An eleven-year-old British boy and his father will soon embark on a 3,500 mile overland journey from the UAE to the UK along the safest route possible. The family is relocating back to London. Their son, Joe, experienced paralyzing anxiety about flying for the first time. Several failed attempts to re-board the plane have been made. For the last six weeks therapy, hypnosis, and a sedative injection were tried, but none have worked. Oddly, the boy has flown many pervious times without problems.
Do you have a fear of flying?
You’re not alone. According to many studies about 40 percent of people have anxiety associated with airline travel–even those who fly on a regular basis. Fear like being out of control, of crashing, claustrophobia, and with heightened security of TSA. Several of my friends refuse to fly because of one or more of those reasons. John has only flown once in his life and barely left the State he grew up in. Sparing emotional details he just says, “I don’t like it.” At one time he worked at an airport refueling planes—not sure if that helped or hindered the situation. But as fate would have it, John shall take the second flight of his life in two weeks. He called me when he booked tickets, and said he’d call me again to make sure he’s up-to-date on packing requirements for TSA. I’m sure I’ll hear from him while he’s waiting at the gate. Flying aside, he suffers from sensory overload problems which lead to panic attacks on a normal basis. As I’ve discovered, which I bet many of you have too, traveling opens great horizons. For many years John has said, “We gotta go to Ireland for your 30th birthday.” Now that is less than a year away. I hope his next flight is a pleasant experience.
I can relate to both Joe and John’s anxiety. Mine however was separation-anxiety linked to airline travel. When I was eight, my parents got divorced and as a result lived in different states. Twice a year I’d be put on the plane by one…and collected at the other end by another. At least, back in those days, passengers without tickets could accompany friends and family right up to the boarding gate. My, my have times changed…
That anxiety lasted well into my late teens before I gained control of it. However a different type cropped up last year when my Service Dog, Trinity and I prepared for our first flight together. Rather than starting small, we went straight to the big-leagues and flew internationally. And for an added challenge, I chose to depart from THE international airport linked to my childhood anxieties–Logan in Boston, Massachusetts. That turned out to be an extremely positive move, because every security personal we encountered was accustom to seeing Service Dogs! Within three months we took a total of eight flights spanning eleven times zones. Turns out my pre-flight anxiety was much worse. The airlines “misplaced” our bag in Paris for over an hour. Then the chaos got worse. We boarded the train where workers decided to strike, tripling the crowds of frustrated travelers on the first day of spring. What remains vivid about that first flight was the Steward who brought extra chicken treats for Trinity. The lost luggage attendant insisted on bringing her multiple cups of spring water while we waited. Everyone on the overcrowded train pushed and shoved each other but was extremely aware not to step on her tail. Unlike most people, my dogs’ favorite part of flying is the TSA pat down! It’s one of the few times she gets attention from someone other than me while in uniform.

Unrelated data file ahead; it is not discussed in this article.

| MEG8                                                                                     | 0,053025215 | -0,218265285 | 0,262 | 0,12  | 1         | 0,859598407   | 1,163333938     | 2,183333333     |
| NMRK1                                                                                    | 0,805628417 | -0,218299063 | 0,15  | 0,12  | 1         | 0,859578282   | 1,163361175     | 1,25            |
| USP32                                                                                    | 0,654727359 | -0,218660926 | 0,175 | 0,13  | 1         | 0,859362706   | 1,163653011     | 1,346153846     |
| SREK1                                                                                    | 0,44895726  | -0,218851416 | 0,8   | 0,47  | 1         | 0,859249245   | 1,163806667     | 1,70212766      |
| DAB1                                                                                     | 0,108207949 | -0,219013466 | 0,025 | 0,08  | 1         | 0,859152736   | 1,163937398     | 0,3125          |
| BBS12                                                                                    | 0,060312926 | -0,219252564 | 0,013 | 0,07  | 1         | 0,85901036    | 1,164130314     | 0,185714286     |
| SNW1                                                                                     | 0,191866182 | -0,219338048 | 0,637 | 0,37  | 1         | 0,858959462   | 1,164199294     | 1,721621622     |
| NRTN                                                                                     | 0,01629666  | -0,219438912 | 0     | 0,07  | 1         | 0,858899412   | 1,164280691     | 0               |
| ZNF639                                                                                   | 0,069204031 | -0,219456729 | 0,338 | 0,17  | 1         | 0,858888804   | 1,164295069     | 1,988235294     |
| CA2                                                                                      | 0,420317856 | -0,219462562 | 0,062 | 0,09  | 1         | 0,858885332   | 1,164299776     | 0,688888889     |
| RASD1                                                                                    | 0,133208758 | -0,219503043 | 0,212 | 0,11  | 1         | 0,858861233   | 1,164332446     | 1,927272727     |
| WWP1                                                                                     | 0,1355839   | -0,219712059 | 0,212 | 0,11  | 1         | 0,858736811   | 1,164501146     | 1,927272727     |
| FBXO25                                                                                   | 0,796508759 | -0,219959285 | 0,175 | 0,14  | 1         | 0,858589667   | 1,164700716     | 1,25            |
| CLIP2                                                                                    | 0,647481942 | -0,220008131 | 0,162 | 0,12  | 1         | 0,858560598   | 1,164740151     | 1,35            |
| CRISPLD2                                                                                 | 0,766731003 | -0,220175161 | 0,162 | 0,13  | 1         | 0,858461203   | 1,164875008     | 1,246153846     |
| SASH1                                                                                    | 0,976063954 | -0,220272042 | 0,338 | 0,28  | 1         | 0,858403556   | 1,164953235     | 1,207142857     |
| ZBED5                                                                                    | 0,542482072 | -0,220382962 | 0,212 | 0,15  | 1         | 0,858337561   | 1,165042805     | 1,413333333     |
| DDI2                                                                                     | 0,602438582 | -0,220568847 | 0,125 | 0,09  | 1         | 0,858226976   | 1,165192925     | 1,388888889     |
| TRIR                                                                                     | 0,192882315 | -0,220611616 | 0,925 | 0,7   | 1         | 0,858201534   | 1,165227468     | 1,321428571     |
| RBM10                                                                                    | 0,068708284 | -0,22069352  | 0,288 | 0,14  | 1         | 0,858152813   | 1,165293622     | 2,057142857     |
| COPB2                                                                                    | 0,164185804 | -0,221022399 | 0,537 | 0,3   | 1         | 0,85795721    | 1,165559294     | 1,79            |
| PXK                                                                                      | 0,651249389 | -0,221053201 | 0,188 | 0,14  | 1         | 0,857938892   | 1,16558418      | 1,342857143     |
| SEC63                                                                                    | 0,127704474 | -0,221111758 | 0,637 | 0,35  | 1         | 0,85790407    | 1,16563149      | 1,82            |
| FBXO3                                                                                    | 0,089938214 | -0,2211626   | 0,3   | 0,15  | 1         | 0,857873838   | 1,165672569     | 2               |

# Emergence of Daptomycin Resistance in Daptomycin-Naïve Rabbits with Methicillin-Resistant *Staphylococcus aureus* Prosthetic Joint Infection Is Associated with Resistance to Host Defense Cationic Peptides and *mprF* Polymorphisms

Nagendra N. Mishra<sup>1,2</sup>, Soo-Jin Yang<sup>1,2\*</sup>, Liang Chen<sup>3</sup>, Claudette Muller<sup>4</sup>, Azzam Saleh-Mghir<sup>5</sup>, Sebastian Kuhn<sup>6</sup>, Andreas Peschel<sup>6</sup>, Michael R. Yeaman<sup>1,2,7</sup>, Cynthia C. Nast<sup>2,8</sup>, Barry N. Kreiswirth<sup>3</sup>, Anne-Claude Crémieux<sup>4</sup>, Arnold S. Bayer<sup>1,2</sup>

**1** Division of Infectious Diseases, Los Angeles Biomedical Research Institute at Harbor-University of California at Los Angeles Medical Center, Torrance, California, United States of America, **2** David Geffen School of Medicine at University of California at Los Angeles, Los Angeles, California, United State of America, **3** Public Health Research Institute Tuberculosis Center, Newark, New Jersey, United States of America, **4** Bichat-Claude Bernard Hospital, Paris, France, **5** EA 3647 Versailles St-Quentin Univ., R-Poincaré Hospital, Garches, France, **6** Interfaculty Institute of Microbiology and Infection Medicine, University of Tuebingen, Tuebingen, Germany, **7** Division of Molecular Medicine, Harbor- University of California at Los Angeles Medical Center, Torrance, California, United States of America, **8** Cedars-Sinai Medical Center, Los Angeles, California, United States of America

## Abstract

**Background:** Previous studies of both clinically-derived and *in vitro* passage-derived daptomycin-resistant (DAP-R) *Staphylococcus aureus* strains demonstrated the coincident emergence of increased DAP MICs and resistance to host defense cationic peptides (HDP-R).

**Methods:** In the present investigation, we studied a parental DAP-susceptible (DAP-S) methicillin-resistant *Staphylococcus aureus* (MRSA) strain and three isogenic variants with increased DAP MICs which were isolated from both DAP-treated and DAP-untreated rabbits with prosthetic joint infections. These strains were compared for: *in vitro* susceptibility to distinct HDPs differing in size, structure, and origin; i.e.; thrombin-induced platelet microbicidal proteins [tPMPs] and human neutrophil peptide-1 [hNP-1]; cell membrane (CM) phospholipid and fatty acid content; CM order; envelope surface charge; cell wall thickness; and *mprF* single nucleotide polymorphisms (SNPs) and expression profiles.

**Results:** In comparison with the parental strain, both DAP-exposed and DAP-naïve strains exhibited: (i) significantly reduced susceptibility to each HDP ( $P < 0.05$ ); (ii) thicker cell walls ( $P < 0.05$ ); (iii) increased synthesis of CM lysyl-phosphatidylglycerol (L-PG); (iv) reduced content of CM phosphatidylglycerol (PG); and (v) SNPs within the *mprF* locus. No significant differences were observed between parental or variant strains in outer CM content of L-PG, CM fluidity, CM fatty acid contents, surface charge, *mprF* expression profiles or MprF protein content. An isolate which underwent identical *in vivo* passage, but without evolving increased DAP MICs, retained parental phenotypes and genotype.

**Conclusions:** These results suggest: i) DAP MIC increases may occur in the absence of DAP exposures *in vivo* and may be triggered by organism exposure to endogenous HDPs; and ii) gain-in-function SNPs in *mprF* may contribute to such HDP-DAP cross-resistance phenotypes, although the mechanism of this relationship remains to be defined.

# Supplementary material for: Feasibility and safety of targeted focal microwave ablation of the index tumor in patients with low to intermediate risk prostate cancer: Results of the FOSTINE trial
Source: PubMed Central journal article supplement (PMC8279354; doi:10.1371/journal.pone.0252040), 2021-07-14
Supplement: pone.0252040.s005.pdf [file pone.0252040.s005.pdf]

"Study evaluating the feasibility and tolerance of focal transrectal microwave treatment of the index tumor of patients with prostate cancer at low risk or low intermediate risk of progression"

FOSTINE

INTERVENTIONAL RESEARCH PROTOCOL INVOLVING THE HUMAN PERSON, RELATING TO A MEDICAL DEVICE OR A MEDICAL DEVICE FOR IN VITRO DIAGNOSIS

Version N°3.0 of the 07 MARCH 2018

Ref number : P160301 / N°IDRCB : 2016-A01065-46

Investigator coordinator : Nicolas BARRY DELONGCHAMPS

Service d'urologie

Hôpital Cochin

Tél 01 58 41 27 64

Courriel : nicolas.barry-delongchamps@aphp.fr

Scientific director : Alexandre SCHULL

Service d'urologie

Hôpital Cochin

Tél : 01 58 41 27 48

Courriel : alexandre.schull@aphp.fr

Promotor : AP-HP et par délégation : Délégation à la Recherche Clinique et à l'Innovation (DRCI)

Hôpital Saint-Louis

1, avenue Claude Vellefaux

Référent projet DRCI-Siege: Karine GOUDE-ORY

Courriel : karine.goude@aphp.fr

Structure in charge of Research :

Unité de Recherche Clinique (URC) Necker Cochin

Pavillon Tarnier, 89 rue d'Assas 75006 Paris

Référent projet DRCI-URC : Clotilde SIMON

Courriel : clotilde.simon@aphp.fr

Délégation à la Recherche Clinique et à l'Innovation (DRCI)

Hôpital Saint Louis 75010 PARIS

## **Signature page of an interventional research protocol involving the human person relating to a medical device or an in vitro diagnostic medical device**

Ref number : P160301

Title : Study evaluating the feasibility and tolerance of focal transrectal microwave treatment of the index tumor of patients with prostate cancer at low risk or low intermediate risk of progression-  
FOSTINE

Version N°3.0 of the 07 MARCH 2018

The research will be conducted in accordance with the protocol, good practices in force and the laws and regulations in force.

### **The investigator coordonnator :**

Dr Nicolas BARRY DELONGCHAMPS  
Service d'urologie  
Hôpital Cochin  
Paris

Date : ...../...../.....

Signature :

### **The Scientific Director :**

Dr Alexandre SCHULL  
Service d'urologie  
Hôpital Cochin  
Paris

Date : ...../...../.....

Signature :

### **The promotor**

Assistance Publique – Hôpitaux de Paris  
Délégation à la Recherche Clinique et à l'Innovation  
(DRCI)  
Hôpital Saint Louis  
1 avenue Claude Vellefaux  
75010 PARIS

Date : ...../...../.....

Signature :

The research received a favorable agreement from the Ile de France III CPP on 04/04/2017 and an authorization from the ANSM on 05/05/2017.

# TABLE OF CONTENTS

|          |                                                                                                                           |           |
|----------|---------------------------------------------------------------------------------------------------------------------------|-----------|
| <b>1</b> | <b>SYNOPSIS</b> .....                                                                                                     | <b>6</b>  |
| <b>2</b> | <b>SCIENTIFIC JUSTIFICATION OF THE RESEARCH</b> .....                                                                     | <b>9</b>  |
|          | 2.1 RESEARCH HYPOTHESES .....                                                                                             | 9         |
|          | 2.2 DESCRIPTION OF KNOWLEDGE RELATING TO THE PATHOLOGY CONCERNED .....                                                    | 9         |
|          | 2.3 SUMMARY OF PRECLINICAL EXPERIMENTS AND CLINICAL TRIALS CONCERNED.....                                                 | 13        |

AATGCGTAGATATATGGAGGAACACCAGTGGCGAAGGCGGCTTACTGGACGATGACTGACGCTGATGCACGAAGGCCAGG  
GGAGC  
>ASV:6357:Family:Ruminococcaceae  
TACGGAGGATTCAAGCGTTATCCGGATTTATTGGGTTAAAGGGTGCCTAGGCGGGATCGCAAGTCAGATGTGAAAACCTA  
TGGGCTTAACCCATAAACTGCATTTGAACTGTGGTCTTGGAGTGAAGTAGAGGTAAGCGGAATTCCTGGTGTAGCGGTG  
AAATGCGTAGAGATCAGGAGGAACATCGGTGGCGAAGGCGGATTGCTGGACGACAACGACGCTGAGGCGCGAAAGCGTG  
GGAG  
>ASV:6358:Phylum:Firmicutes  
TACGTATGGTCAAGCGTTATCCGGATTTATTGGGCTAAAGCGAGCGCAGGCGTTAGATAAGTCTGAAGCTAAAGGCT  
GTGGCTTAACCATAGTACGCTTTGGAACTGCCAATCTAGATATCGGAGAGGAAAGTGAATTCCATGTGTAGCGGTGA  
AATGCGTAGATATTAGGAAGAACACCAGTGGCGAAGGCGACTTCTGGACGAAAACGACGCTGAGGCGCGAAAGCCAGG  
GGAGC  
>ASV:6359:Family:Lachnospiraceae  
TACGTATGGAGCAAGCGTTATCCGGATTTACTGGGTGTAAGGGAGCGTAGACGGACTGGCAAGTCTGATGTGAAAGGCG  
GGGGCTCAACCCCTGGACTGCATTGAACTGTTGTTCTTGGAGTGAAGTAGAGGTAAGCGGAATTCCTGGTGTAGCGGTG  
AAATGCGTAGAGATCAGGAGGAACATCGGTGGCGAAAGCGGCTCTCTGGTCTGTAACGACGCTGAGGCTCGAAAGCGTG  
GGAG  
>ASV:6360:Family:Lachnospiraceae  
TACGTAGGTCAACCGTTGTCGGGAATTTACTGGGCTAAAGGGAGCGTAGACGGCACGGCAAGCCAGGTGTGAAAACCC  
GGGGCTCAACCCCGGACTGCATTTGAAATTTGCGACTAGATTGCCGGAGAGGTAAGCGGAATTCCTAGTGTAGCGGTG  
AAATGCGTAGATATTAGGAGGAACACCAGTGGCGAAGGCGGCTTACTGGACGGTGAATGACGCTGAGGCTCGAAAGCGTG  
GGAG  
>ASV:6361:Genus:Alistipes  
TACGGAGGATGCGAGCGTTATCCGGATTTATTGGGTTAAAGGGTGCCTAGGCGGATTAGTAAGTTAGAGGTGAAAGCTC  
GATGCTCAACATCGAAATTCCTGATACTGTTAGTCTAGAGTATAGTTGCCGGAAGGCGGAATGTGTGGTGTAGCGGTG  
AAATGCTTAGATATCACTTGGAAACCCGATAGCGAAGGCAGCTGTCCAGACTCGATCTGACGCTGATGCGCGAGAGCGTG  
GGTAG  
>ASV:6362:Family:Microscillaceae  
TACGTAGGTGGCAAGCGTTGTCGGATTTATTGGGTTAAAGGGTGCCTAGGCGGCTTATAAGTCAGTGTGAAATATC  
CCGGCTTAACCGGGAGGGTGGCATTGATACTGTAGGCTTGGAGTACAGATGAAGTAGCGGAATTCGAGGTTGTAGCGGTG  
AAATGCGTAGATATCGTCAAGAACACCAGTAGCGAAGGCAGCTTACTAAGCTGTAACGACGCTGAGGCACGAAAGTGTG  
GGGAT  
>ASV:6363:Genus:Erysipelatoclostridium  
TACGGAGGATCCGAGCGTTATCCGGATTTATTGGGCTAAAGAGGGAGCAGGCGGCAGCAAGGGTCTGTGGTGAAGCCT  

Special note: If you happen to be a Service Dog Handler and are considering flying with your dog; please feel free to contact me and I’d be happy to chat further about my experiences to share more information.
Here are a few ideas to help battle flight anxiety:
1) For those of you technologically minded, “There’s an app for that!”
3) Captain Stacey Chance has put together a free online self-help course that also has an audio download so you can take it with you and listen on the flight!
But electronics aside, anxiety can also be relieved with pressure points. Ever wonder why the human reaction is to hug someone when they are upset? Without realizing, the exchange of a firm hug triggers good endorphins because of a point around ones collar bone. But obviously you can’t have someone hugging you the whole flight; so try these other points on your hands.
1) Pinching the “meat” of your hand between thumb and index finger
2) Pressing the indention of your wrist at the base of thumb
3) Pressing either side of your index finger at the tip and below the knuckle
For visual guidance check out this video.
Pressure point triggering is a task taught to Service Dogs for people with sensory issues. This is one of the tasks my dog does.
If you notice someone else who has a fear of flying, refrain from running up to hug them. A stranger might not be receptive to your thoughtful gesture. However, try to politely share about the pressure points on their hands.
Happy flying, everyone!